It’s important to remember that cultivating even one cannabis plant for personal consumption is felony on the federal level and punishable by up to five years in prison. Meanwhile, four US states — Alaska, Colorado, Washington D.C. and Oregon — have passed local amendments, allowing citizens who are 21 years old and over to grow a limited number of plants without fear of persecution.
Harvest and cure.
While most, if not all, medical and recreational farms cultivate cannabis from seeds, guaranteeing that their plants are free from viruses, most home growers, even those with experience, typically begin with clones — essentially trimmed pieces of female cannabis plants that have been rooted in separate pots. “When most people think of cannabis — you know, what you smoke — they’re thinking about the flowers of female plants,” Lipton said. “When you grow from seeds, half of them will be males. If you’re only going to do one or two plants, you don’t want to waste your time with that stuff.” A clone sourced from a dispensary or a knowledgeable friend guarantees that the plant is female and will eventually produce bud pending proper care. “You can get up to four ounces off the right plant — if you know what you’re doing.”
Though the 12-hour interval is fairly universal, knowing exactly when to induce flowering is less clear. For the home grower, it usually comes down to space; the longer one waits to trigger the flowering cycle, the taller their plant will be. A good rule of thumb: cannabis will only continue to grow 30 to 50 percent once the light source is reduced. If the plant is growing in a closet, growers should trigger the flowering cycle, understanding that there must be more than two feet of space between the canopy of the plant throughout the entirety of its life.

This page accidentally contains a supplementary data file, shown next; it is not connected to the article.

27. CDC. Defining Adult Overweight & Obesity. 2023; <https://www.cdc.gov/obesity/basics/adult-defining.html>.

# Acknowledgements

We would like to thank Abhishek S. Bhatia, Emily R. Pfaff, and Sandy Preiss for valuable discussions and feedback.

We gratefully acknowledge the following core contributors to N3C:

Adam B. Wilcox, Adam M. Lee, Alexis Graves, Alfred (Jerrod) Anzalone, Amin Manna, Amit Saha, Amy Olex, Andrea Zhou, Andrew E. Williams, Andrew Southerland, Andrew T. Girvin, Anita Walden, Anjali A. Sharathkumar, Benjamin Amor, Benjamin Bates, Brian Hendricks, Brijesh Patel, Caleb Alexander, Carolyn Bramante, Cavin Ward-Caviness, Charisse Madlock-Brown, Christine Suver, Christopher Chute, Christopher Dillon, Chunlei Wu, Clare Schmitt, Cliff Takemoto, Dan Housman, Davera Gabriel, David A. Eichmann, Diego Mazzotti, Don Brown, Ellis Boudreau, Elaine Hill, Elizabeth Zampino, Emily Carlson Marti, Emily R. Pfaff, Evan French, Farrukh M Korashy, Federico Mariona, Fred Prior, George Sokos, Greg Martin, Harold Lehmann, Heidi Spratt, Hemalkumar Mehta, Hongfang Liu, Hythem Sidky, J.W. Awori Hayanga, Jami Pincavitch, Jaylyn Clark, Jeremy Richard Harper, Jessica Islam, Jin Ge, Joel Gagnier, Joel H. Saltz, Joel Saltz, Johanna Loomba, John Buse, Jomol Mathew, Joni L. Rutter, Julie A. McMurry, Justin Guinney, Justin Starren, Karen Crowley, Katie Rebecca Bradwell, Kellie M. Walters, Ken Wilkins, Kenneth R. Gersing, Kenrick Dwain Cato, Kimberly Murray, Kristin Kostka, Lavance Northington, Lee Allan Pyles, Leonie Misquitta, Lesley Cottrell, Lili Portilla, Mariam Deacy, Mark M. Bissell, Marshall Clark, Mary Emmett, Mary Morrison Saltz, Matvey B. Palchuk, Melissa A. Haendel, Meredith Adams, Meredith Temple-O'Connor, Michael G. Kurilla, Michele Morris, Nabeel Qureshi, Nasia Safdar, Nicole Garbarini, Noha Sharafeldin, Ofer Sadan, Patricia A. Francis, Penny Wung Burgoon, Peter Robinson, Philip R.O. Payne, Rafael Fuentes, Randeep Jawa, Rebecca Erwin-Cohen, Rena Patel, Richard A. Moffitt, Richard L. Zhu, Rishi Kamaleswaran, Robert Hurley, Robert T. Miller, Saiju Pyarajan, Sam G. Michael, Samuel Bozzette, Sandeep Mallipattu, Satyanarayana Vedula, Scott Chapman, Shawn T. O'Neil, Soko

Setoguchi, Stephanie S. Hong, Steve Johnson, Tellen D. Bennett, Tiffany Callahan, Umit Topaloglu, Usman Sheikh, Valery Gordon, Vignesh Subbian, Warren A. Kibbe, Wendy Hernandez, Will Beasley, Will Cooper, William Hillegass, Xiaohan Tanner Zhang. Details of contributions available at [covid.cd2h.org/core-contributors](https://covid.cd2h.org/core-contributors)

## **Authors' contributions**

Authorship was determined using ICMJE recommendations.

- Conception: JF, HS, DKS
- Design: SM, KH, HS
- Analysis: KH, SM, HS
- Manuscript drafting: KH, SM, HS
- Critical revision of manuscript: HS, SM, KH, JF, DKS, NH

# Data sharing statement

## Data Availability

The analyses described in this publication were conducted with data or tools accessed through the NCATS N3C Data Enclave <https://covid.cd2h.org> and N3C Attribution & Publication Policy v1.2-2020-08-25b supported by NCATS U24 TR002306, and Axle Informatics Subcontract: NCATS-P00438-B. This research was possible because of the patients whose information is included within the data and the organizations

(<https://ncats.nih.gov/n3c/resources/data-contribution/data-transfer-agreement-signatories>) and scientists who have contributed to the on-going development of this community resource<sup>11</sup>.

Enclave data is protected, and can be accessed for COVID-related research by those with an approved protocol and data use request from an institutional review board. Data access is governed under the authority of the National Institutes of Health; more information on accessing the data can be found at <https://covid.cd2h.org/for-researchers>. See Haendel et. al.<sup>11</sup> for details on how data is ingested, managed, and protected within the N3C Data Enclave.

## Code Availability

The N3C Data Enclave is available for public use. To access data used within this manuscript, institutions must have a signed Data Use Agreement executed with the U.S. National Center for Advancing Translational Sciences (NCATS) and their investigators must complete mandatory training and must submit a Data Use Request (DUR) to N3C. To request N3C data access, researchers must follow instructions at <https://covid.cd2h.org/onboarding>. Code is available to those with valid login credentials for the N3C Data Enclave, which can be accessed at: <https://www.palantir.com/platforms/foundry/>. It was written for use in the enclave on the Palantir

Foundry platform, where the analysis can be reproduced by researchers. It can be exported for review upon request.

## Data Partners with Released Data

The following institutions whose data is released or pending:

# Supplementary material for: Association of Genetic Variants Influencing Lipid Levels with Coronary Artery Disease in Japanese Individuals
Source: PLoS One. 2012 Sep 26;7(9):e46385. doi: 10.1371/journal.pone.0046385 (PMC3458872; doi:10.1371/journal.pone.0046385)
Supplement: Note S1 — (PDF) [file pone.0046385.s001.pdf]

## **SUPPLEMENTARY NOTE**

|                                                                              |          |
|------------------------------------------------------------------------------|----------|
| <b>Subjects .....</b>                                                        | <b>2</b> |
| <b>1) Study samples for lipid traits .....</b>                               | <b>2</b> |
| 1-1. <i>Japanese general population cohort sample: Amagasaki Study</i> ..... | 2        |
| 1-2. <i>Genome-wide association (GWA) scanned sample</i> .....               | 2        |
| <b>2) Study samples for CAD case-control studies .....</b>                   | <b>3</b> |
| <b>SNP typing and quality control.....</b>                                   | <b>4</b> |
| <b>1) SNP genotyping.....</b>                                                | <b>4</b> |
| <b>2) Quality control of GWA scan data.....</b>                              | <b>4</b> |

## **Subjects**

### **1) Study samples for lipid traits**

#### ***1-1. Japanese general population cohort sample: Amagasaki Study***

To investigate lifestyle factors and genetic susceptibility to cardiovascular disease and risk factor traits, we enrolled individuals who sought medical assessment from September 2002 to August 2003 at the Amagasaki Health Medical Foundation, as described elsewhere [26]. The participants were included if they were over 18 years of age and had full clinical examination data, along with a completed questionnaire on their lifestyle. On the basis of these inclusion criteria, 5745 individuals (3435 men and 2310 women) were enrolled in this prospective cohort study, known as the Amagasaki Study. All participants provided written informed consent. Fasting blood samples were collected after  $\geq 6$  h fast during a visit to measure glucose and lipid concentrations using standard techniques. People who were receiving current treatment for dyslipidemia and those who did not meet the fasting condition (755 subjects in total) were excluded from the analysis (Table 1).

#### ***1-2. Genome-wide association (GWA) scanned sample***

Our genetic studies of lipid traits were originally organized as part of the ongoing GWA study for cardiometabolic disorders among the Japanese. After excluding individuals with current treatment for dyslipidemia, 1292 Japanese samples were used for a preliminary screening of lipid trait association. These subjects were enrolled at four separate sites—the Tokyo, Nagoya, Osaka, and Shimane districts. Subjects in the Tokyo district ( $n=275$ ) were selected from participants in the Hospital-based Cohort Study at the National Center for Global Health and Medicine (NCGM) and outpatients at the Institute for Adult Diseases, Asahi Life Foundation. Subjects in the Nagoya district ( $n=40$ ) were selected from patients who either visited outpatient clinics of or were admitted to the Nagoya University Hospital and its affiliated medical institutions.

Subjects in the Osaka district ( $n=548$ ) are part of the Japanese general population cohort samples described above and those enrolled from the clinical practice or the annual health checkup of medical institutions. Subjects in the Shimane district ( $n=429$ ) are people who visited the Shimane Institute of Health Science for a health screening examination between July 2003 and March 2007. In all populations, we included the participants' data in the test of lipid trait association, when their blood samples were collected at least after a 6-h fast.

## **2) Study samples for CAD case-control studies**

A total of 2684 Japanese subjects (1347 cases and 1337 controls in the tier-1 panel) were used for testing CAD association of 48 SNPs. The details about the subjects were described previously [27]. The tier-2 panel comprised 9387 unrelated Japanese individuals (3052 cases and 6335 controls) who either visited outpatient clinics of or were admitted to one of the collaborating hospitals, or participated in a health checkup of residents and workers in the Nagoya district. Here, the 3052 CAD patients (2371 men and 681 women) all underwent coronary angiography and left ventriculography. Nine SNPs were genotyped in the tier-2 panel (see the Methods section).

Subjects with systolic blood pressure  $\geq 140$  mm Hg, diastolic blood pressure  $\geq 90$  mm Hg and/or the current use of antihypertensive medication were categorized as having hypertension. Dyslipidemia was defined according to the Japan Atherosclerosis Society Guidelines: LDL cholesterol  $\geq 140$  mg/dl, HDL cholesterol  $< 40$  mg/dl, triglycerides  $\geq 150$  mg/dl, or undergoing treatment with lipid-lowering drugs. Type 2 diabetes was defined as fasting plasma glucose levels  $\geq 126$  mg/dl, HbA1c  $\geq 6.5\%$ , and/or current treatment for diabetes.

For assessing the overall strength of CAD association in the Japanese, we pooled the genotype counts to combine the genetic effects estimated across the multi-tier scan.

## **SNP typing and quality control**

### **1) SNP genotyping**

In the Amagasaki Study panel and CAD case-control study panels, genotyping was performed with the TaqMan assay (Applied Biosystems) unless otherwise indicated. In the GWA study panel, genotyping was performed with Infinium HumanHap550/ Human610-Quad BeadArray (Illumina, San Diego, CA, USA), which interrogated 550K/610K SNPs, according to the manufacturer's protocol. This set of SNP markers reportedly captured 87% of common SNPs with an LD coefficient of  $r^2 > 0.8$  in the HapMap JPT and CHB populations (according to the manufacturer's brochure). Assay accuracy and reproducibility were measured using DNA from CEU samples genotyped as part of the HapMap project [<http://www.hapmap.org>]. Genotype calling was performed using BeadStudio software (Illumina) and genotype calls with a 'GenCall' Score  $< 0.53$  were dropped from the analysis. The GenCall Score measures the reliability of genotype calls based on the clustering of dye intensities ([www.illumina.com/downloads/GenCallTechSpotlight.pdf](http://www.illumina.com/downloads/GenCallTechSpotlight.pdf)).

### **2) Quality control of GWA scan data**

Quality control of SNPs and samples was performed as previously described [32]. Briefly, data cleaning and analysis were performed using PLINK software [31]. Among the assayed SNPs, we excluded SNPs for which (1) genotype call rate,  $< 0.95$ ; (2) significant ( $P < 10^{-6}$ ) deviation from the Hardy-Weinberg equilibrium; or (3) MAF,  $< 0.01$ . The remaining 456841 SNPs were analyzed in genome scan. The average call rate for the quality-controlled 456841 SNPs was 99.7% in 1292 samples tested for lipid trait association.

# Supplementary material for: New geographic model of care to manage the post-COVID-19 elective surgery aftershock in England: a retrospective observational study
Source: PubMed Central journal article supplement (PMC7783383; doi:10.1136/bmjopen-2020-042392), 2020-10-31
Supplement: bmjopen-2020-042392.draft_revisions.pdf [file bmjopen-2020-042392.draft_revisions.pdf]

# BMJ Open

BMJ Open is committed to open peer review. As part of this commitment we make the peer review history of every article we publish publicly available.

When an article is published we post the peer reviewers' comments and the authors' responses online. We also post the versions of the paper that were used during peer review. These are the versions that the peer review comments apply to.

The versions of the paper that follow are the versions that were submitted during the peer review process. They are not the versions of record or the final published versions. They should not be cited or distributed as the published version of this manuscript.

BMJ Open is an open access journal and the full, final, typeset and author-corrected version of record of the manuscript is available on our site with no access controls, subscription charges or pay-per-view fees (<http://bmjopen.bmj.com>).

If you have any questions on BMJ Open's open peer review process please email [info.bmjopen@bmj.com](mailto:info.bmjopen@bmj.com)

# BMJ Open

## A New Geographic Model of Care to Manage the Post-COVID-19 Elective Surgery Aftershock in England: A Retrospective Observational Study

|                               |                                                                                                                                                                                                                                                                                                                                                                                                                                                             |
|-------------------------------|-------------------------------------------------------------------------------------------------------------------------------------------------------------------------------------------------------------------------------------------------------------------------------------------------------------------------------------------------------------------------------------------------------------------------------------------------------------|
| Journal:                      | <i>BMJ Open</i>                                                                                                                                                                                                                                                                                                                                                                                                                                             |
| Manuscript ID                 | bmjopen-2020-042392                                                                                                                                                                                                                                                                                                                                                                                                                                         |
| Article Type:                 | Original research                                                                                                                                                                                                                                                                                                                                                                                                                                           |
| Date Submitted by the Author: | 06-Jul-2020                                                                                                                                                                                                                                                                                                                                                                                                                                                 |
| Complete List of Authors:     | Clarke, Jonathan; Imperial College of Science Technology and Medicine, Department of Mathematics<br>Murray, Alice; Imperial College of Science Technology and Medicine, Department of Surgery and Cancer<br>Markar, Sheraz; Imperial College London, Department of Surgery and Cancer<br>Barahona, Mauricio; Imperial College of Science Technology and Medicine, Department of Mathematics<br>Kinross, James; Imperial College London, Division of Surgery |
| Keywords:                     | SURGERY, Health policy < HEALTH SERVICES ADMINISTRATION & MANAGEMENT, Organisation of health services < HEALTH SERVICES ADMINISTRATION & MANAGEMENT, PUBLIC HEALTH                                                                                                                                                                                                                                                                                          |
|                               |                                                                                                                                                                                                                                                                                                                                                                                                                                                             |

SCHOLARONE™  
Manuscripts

Cannabis plants yield the highest-quality (and quantity) flowers after maturing. This usually takes about a month to happen. “I recommend planting in a five-gallon Home Depot bucket,” Lipton said. “It’s really important to have proper drainage, so you want to drill some holes in the bottom. The biggest mistake people make is that they overwater and suffocate the roots. Cannabis likes to be watered and dried out before it’s watered again.” During the vegetative cycle, the plant should be exposed to a minimum of 18 hours of light. Remember to open the closet door while the lights are on to prevent the space from heading north of 78 degrees Fahrenheit.
Find a healthy clone.
Relative humidity: 30 to 45 percent. “If you live somewhere humid, you’re probably going to want to buy a dehumidifier,” said Lipton. “In Boulder, we sometimes have to add humidity.” At home, that can be done with a reliable humidifier.
The last step involves curing the bud. “Curing is just as important as the growing process,” Lipton added. “We do a slow cure, which means that it takes anywhere from three to six weeks depending on variety.” Temperature and humidity play a large role during cure and must be maintained to ensure a great final product. “Our actual cure process is somewhat of a secret, so I cannot share the fine details,” Lipton said. “But it’s an art form and extremely crucial to our success.” The reason growers cure bud after harvesting is that it creates a smoother smoke and increases its potency. Detailed recommendations for proper curing can be found online, here and here.